So often times, I felt like a leper around the people around me. I couldn’t understand why some girls had more friends, or more guys after them. Some girls I knew got lots of awards at speech tournaments, and got to network with important people. Other times I would be around a bunch of people, but feel so alone. I had been rejected and abandoned by two guys already, both whom I had loved unconditionally and absolutely.

It is so easy to feel after rejection by man, that God has rejected us, too. Perhaps He was even responsible for the rejection in the first place.

So, to see Jesus in my mind tell the whole world, that despite my leprosy, I was “His girl”, I broke down in a puddle of tears by the feeling of being loved, cherished, and wanted.

Maybe you are feeling isolated. You might feel that way at church, work, school, your family, your friends, or your community. Know that your feelings exist and are normal.

By the way, it is typical for the people that ignore you to claim your feelings are self-created or even nonexistent. (A couple months ago, a guy looked me in the eye and told me that I was “the only person who feels that way” and that I isolate myself from the group. (HA! If you know me, you know I am the opposite of shy in social situations.) Later, I got phone calls from other people who had since left that community, to tell me they had felt the exact same way. So there!) Don’t listen to that negative talk. It is insensitive and self-centered. Also, try not to just blame yourself for not being welcomed into a particular group. Don’t assume you are just “shy” or “unsociable.” It really could be those people who are just alienating you.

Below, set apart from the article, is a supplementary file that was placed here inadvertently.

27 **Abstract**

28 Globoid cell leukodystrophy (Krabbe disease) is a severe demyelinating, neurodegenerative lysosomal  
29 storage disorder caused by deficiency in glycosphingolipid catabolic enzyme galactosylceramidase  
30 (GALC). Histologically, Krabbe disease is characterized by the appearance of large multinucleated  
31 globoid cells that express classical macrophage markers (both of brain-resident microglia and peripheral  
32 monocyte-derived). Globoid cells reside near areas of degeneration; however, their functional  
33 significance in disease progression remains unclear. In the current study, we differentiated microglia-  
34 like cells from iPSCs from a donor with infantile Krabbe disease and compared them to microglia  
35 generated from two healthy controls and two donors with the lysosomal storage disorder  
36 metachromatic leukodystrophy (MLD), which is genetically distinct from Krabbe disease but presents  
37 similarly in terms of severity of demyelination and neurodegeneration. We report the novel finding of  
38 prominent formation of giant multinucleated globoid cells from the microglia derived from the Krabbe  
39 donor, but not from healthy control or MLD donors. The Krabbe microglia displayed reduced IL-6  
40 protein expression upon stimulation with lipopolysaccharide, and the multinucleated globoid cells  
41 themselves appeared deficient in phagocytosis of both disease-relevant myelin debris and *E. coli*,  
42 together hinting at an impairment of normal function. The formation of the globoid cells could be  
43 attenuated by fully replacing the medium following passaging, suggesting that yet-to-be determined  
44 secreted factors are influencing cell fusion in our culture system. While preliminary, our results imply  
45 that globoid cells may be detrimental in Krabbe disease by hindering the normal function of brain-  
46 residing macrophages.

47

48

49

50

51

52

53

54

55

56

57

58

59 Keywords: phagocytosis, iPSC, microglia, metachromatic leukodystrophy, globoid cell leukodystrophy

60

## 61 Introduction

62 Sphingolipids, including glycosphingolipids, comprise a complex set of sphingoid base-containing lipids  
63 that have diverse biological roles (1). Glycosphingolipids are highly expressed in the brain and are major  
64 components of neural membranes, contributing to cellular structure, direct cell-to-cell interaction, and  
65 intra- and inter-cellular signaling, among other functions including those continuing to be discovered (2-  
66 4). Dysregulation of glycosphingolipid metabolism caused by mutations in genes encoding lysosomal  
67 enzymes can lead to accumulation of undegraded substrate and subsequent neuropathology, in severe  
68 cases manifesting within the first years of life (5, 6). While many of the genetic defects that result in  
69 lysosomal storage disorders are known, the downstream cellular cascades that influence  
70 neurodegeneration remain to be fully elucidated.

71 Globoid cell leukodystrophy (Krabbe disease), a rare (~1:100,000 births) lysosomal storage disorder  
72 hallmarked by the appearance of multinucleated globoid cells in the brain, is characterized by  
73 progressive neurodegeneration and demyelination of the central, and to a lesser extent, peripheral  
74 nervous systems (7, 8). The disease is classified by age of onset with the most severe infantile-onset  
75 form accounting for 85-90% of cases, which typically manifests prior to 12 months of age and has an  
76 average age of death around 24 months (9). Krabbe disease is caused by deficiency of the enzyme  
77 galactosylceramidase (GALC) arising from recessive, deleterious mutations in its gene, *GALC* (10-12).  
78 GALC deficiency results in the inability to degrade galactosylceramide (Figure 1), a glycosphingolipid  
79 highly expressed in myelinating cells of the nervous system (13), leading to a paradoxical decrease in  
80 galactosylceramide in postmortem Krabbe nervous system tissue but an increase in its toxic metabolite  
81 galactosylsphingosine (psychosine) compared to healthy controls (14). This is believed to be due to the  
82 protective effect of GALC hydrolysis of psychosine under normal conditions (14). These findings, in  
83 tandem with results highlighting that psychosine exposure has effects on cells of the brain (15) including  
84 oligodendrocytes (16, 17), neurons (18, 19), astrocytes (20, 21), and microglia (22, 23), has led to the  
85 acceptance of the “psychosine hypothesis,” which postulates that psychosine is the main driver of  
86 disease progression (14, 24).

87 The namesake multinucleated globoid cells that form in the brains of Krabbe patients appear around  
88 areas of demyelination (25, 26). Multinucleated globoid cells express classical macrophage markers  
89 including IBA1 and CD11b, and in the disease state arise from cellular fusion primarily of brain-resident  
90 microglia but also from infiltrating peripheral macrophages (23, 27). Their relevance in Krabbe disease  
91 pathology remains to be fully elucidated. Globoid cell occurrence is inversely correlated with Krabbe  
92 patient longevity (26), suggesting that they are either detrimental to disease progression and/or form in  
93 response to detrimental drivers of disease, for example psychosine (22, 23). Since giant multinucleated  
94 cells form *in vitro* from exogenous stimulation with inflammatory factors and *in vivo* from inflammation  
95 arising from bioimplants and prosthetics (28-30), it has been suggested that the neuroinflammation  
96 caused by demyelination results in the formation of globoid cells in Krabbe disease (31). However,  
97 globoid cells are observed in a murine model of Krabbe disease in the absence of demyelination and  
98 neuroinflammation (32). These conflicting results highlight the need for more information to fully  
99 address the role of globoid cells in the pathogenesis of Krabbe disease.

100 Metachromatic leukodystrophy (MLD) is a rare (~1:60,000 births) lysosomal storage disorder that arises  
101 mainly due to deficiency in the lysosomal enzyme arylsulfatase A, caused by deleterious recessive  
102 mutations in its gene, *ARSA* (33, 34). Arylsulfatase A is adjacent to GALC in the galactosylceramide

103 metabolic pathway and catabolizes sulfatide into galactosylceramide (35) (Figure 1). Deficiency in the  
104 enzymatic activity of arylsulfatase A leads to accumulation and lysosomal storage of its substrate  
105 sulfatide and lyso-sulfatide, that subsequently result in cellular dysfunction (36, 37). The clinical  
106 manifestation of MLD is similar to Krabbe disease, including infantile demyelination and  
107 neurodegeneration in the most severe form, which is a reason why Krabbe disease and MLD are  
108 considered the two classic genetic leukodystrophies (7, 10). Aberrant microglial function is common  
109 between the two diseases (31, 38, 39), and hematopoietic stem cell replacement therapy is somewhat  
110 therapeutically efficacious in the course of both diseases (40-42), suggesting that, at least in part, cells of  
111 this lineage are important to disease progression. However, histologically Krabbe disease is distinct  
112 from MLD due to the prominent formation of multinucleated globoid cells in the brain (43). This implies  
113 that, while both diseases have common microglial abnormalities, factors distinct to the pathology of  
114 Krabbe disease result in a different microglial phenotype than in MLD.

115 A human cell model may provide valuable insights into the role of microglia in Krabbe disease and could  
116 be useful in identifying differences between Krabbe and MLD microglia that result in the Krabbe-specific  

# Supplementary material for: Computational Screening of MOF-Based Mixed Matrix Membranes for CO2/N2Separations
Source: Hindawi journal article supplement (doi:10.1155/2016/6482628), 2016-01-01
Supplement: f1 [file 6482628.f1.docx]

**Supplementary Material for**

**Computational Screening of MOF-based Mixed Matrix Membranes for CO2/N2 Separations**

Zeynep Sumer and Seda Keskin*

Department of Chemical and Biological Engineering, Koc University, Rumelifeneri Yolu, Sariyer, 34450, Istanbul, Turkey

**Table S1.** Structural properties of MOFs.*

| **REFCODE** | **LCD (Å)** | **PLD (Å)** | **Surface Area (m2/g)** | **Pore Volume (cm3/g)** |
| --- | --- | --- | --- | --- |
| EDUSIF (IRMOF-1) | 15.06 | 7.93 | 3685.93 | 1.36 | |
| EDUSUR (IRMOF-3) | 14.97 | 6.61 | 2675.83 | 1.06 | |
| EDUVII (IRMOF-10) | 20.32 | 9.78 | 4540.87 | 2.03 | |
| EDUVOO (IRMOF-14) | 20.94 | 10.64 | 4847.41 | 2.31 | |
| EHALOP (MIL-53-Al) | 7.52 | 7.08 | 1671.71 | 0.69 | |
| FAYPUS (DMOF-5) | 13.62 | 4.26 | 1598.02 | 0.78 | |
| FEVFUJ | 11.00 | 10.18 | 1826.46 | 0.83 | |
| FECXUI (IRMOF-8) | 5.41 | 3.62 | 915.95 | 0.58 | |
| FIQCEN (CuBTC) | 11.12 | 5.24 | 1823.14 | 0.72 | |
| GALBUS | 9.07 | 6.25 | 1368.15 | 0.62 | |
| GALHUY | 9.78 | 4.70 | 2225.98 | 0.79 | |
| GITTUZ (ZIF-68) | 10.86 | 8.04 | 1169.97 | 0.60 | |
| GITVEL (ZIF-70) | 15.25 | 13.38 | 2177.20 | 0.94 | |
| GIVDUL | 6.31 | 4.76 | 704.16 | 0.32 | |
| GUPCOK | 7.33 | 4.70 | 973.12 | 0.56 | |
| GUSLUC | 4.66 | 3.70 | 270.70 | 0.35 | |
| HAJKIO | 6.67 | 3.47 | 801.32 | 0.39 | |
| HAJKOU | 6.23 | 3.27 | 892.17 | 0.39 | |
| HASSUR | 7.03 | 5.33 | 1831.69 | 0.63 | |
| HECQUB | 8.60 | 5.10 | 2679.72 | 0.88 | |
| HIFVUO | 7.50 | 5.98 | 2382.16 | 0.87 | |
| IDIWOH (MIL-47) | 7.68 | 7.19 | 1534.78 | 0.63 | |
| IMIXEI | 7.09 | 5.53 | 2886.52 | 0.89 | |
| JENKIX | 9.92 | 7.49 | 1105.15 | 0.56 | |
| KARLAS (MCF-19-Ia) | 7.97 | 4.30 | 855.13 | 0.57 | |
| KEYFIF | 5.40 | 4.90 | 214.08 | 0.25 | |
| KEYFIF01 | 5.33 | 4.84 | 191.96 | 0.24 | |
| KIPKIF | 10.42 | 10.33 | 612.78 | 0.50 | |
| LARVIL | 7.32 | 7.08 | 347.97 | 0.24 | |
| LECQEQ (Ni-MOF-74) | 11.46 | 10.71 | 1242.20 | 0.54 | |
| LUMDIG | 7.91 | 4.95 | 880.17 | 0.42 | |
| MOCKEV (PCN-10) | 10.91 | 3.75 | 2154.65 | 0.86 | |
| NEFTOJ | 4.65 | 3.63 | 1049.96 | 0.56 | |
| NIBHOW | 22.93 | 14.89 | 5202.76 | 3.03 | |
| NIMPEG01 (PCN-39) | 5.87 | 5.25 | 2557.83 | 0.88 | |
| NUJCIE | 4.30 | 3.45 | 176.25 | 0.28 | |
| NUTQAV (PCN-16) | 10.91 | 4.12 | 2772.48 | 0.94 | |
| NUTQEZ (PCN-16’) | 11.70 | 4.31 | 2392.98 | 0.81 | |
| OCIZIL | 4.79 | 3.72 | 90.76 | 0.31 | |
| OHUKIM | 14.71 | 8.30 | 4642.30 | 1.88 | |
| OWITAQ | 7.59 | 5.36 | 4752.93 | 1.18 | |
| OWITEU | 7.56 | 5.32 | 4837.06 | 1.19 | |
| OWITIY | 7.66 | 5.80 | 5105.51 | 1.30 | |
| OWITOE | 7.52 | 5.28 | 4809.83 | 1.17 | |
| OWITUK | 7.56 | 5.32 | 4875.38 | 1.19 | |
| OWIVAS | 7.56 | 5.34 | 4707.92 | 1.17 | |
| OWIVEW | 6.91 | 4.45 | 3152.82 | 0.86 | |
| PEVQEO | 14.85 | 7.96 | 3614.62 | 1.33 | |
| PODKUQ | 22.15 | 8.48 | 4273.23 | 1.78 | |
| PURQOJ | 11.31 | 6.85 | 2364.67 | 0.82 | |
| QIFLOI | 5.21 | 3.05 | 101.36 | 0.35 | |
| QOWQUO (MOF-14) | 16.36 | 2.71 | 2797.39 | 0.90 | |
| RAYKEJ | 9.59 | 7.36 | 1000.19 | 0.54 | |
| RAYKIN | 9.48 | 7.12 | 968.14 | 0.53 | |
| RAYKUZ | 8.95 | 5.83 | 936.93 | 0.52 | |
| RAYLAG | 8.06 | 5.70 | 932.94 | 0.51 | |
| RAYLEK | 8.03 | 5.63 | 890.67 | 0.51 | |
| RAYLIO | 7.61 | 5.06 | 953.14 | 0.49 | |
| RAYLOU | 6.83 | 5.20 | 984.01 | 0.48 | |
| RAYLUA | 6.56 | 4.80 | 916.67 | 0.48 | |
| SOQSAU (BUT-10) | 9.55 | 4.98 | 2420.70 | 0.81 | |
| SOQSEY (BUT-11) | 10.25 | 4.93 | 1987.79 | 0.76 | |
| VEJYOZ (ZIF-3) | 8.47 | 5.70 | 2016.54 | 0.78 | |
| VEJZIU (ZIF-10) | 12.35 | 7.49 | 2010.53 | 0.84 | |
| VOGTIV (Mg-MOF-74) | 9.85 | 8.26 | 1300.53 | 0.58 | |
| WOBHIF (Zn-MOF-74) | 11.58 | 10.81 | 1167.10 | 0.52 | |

Rather, focus on the people who do love you. If you need to, write out a list of all the people in your life that cherish you and care about all aspects of your life. Think of them when you are around the people who make you feel abnormal or unwanted.

Also, realize those people who reject you are not worth having as friends anyways. If their approval is that hard to attain, their approval is not worth much. God loves us completely with no strings attached. Why should man do any differently?

If you are able, you may need to completely separate yourself from those people. I recently had to make that decision for myself. It meant I had to give up a lot of things in the process, but I have felt a burden lift from my shoulders and a complete freedom to be who God created me to be.

One resource I would highly suggest is Anne Graham Lotz’s book Wounded by God’s People: Discovering How God’s Love Heals Our Hearts. (You can buy it here.) I have been meaning to read it again for myself, actually. It is an incredibly powerful book, that gives practical advice how to heal after you’ve been mistreated by other Christians. It is a complete must-read.

And of course, pray. Ask the Lord to heal how these people have hurt you. Ask for the strength to daily forgive them (something I need to get better at myself!). Thank Him for the people who do appreciate you. Ultimately, confess to the Lord exactly how you feel about the situation, and what are the deeper reasons their cold-shoulder hurts you so.

I hope one day to go back to P.E.I. so I can fully enjoy everything during its “on-season.” In the meantime, I am learning how to not let the “boo’s” in my audience silence the applause – as in, trying not to focus on the people who reject me, but rather focus on the people who support me.

What about you? Talk to us about what you think about these kinds of situations, and how we can handle them.